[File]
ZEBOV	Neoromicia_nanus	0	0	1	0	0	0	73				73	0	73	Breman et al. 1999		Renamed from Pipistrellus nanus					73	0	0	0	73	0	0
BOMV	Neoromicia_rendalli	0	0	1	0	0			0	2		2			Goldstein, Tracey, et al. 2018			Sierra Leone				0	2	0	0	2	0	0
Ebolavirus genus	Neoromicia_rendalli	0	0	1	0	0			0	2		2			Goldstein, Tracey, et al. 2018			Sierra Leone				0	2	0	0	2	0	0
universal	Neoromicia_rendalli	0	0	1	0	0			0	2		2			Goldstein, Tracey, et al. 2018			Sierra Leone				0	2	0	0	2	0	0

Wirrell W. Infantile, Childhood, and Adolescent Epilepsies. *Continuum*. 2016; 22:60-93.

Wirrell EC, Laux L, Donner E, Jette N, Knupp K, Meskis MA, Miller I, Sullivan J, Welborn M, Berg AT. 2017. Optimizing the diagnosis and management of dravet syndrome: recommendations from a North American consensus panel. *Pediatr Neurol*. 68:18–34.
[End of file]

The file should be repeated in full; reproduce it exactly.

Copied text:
ZEBOV	Neoromicia_nanus	0	0	1	0	0	0	73				73	0	73	Breman et al. 1999		Renamed from Pipistrellus nanus					73	0	0	0	73	0	0
BOMV	Neoromicia_rendalli	0	0	1	0	0			0	2		2			Goldstein, Tracey, et al. 2018			Sierra Leone				0	2	0	0	2	0	0
Ebolavirus genus	Neoromicia_rendalli	0	0	1	0	0			0	2		2			Goldstein, Tracey, et al. 2018			Sierra Leone				0	2	0	0	2	0	0
universal	Neoromicia_rendalli	0	0	1	0	0			0	2		2			Goldstein, Tracey, et al. 2018			Sierra Leone				0	2	0	0	2	0	0

Wirrell W. Infantile, Childhood, and Adolescent Epilepsies. *Continuum*. 2016; 22:60-93.

Wirrell EC, Laux L, Donner E, Jette N, Knupp K, Meskis MA, Miller I, Sullivan J, Welborn M, Berg AT. 2017. Optimizing the diagnosis and management of dravet syndrome: recommendations from a North American consensus panel. *Pediatr Neurol*. 68:18–34.